I just got off the phone with yet another patient that is in utter panic.  She has had a cesarean section in a previous pregnancy, and is just finding out at the end of her current pregnancy that she can’t have the vaginal birth that her doctor originally supported.  Also known as a “VBAC”.

 

This bait and switch modus operandi is something I simply can’t tolerate any longer!

 

Unfortunately, all providers aren’t forthcoming with you at your initial visit. Many practices will tell you that they routinely support vaginal birth after cesarean section, and 30 some odd weeks later they’re scheduling you for major abdominal surgery! Let me help you flesh out this situation before it happens.

 

Print these questions out, and take them to your next appointment.

 

Let’s get started…

 

#5 What are my risks associated with VBAC?

 

Now… I know you know the risks.  You’re asking this question to show your doctor that you want to be educated about all the possibilities particular to you. Asking this will make you look thoughtful and well meaning.  

 

It will also let you know if you have an increased risk for complications with VBAC, including but not limited to the following:

 

a) multiple cesarean sections,

b) an unresolved reason for your previous cesarean

c) a cesarean section less than 18 months ago, or even

d) a previous cesarean incision that is not compatible with VBAC

 

There are multiple valid reasons for a repeat cesarean section in certain women.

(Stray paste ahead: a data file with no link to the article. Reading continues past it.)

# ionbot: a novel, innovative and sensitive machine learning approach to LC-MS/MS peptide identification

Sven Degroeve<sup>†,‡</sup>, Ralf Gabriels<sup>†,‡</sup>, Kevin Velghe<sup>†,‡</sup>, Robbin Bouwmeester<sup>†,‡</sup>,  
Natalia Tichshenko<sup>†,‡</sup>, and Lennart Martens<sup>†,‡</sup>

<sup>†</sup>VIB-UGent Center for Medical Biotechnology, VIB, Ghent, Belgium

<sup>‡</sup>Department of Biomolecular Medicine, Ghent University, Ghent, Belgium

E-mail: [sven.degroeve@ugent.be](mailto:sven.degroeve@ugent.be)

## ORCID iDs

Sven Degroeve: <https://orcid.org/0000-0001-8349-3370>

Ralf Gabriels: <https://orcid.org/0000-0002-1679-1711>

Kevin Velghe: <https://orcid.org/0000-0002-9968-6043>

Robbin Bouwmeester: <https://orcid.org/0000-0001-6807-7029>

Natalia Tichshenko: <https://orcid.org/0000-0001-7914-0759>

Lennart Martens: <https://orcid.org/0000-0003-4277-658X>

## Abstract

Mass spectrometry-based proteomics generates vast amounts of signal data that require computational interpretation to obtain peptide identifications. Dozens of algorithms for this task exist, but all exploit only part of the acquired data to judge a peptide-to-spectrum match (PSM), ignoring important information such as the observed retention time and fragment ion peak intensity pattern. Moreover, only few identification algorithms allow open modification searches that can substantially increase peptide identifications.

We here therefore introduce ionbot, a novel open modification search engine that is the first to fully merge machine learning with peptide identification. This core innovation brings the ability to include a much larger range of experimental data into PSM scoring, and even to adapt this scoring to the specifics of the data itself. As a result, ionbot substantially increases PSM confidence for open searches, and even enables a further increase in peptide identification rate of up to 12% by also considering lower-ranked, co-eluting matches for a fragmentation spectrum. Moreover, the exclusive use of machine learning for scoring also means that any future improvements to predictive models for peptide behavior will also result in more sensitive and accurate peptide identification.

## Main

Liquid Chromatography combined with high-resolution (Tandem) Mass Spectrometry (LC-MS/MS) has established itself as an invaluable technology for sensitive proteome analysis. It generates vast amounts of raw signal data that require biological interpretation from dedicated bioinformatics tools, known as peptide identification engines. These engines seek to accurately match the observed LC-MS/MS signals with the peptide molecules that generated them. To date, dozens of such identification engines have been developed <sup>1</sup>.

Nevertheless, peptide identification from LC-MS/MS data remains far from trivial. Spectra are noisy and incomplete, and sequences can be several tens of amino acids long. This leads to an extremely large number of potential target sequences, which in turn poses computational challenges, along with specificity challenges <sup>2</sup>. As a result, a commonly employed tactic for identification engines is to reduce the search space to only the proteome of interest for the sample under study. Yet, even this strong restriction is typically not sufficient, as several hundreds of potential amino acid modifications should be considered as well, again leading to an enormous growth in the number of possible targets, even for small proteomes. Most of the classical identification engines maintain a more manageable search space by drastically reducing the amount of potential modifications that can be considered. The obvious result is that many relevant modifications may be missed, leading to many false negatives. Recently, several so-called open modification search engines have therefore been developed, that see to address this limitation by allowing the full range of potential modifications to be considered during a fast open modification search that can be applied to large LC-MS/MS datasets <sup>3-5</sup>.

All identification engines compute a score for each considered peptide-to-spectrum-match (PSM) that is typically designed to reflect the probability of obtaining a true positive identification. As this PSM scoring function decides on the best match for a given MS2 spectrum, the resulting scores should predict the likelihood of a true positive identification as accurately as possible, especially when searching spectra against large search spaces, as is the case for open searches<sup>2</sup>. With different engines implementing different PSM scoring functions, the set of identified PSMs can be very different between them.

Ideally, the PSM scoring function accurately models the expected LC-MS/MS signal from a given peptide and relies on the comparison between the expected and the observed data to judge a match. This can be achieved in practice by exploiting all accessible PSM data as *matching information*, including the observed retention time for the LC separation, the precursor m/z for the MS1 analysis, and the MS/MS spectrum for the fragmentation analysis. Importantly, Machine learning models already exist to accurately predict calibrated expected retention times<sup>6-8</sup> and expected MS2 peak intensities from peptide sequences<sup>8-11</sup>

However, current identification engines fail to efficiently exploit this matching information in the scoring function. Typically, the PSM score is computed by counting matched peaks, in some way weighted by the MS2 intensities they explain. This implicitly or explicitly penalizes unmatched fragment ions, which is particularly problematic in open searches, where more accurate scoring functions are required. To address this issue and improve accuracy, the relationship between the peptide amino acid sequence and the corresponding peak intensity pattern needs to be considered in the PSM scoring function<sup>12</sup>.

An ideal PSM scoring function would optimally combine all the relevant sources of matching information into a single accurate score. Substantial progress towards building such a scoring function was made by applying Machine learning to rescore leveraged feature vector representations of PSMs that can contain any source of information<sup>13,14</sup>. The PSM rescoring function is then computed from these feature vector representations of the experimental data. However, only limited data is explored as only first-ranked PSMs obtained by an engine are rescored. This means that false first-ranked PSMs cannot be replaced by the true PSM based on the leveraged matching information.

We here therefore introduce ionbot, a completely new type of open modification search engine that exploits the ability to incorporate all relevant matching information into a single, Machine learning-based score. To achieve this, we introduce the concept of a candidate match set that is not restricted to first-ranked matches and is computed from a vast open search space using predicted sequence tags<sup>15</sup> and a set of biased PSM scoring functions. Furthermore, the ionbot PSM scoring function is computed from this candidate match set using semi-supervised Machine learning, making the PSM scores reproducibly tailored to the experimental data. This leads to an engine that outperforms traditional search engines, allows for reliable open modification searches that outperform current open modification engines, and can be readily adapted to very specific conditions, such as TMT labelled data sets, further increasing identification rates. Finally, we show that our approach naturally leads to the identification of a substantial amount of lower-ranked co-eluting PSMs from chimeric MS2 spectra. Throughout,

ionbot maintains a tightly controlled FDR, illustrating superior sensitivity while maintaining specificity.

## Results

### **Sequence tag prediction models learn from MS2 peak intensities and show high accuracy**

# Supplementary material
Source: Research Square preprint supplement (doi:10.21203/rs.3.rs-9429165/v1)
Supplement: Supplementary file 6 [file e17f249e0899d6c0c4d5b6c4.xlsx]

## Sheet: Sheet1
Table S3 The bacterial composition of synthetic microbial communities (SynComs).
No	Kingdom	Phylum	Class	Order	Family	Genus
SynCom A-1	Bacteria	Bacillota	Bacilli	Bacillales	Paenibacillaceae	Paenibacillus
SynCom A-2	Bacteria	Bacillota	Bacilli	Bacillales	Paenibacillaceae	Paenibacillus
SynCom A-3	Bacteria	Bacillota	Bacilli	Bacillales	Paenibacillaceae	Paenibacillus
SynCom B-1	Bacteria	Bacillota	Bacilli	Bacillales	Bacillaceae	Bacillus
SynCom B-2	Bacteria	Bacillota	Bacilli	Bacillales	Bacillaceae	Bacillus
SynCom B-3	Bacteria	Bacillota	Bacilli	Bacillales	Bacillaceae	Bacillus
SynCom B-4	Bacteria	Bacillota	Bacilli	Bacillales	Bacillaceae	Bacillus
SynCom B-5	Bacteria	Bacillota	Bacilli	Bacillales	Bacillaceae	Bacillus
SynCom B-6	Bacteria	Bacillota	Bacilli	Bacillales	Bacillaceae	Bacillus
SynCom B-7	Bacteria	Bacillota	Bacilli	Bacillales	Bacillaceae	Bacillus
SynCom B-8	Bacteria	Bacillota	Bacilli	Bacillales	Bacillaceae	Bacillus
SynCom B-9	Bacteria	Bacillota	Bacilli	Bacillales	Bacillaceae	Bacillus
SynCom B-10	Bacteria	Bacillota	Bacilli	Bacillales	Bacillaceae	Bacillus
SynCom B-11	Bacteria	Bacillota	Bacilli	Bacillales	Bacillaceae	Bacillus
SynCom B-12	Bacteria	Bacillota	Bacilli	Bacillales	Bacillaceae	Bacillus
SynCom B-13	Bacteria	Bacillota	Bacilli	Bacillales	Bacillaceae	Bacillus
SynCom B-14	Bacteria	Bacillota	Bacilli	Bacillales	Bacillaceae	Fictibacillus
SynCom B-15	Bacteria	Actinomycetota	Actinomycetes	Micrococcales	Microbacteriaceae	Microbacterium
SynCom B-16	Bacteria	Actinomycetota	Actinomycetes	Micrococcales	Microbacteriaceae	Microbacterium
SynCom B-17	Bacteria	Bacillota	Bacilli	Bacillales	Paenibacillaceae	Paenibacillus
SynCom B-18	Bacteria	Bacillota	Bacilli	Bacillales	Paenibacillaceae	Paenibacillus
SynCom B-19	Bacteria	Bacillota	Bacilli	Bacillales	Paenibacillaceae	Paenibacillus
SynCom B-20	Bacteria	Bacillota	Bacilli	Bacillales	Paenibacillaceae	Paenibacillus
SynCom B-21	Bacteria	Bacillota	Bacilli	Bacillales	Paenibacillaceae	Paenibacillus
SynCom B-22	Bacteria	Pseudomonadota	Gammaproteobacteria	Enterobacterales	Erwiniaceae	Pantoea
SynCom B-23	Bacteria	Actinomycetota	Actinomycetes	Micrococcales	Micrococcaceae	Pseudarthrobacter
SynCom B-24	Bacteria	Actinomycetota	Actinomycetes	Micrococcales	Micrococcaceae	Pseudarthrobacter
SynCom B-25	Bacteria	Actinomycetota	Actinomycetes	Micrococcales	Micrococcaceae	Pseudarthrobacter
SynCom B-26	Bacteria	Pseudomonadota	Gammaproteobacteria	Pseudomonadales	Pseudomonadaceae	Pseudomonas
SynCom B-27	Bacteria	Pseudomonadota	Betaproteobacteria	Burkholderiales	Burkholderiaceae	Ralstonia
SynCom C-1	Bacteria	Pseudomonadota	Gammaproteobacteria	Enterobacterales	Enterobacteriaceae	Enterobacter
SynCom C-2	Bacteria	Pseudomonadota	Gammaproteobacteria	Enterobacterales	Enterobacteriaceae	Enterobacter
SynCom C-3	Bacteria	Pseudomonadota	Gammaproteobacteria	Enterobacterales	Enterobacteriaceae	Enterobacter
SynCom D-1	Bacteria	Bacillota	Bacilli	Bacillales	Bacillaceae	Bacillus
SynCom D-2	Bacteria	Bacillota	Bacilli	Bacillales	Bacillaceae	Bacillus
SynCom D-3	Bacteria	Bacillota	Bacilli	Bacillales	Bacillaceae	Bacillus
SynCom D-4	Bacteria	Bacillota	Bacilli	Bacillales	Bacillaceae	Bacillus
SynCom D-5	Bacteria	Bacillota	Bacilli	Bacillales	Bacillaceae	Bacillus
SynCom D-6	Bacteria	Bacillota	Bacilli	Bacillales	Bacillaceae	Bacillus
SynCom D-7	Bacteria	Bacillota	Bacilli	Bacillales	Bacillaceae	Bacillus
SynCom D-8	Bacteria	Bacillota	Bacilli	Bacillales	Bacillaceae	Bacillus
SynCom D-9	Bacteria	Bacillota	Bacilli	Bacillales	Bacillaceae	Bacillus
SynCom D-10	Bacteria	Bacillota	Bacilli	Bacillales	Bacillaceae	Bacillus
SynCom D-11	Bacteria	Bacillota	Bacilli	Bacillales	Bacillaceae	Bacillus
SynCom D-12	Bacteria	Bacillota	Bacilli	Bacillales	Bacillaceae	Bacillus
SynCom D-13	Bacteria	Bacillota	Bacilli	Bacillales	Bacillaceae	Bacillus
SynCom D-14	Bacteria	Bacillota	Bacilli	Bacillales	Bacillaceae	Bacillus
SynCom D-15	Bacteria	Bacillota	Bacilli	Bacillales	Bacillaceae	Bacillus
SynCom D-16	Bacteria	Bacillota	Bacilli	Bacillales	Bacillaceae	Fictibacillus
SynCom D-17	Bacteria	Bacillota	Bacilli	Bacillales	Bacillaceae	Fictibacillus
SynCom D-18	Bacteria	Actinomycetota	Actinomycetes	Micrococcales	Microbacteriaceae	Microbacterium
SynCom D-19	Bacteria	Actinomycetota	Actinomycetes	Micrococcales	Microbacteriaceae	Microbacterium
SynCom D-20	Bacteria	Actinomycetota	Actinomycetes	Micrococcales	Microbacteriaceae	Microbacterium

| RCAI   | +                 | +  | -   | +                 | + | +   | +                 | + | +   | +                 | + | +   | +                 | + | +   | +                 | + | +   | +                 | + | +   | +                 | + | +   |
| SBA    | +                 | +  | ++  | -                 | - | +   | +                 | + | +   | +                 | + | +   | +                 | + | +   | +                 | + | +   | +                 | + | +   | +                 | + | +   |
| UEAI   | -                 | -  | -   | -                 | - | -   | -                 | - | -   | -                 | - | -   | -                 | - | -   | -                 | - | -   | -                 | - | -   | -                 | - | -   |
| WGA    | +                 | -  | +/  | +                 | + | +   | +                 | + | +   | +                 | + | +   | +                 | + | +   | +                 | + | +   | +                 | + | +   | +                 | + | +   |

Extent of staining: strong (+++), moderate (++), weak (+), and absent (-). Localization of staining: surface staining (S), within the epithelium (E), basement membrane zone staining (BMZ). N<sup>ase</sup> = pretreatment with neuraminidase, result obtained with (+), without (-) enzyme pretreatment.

So please—even though you have already done your research via Google, Facebook, or your doula—ask anyway.

 

#4 If necessary, what induction methods will you use?

 

Many providers will not induce a patient with a previous cesarean section.  If you don’t have a natural start to your labor, they will just schedule you for your repeat.  So listen closely when your doctor answers this one. 

 

They should be able to tell you in detail about their plan. 

 

Do what you can to have a natural start to your labor—sorry, I’m reserving those tricks for a later post. Stay tuned!

 

#3 Will I be allowed to move about the room and walk during labor, and can I have intermittent monitoring?

 

This question will let you know just how committed your doctor is to your success!  Anyone that knows anything about birthing babies, knows you can’t confine a woman to a bed and expect her to have an easy labor!

 

 Walking, freedom of movement and getting out of that bed, will expedite your labor. 

 

You can make it work with continuous monitoring, but your movement is limited to however far the monitor cables will stretch.

 

If your doctor says, the hospital has a cordless monitoring system – you are in luck!  You can move around the room and everyone will be happy!

 

 

#2 What are the stats for your practice on successful VBAC?

 

Girl – now watch ‘em sweat! Don’t for even one minute let them tell you they aren’t sure. 

 

Run like hell, if they don’t know their stats. 

 

These people know their stats on number of vaginal births for the year, number of cesarean sections for the year and number of VBACs for the year.  They live and breathe stats. 

 

Ideally, the number should be around 60-80%.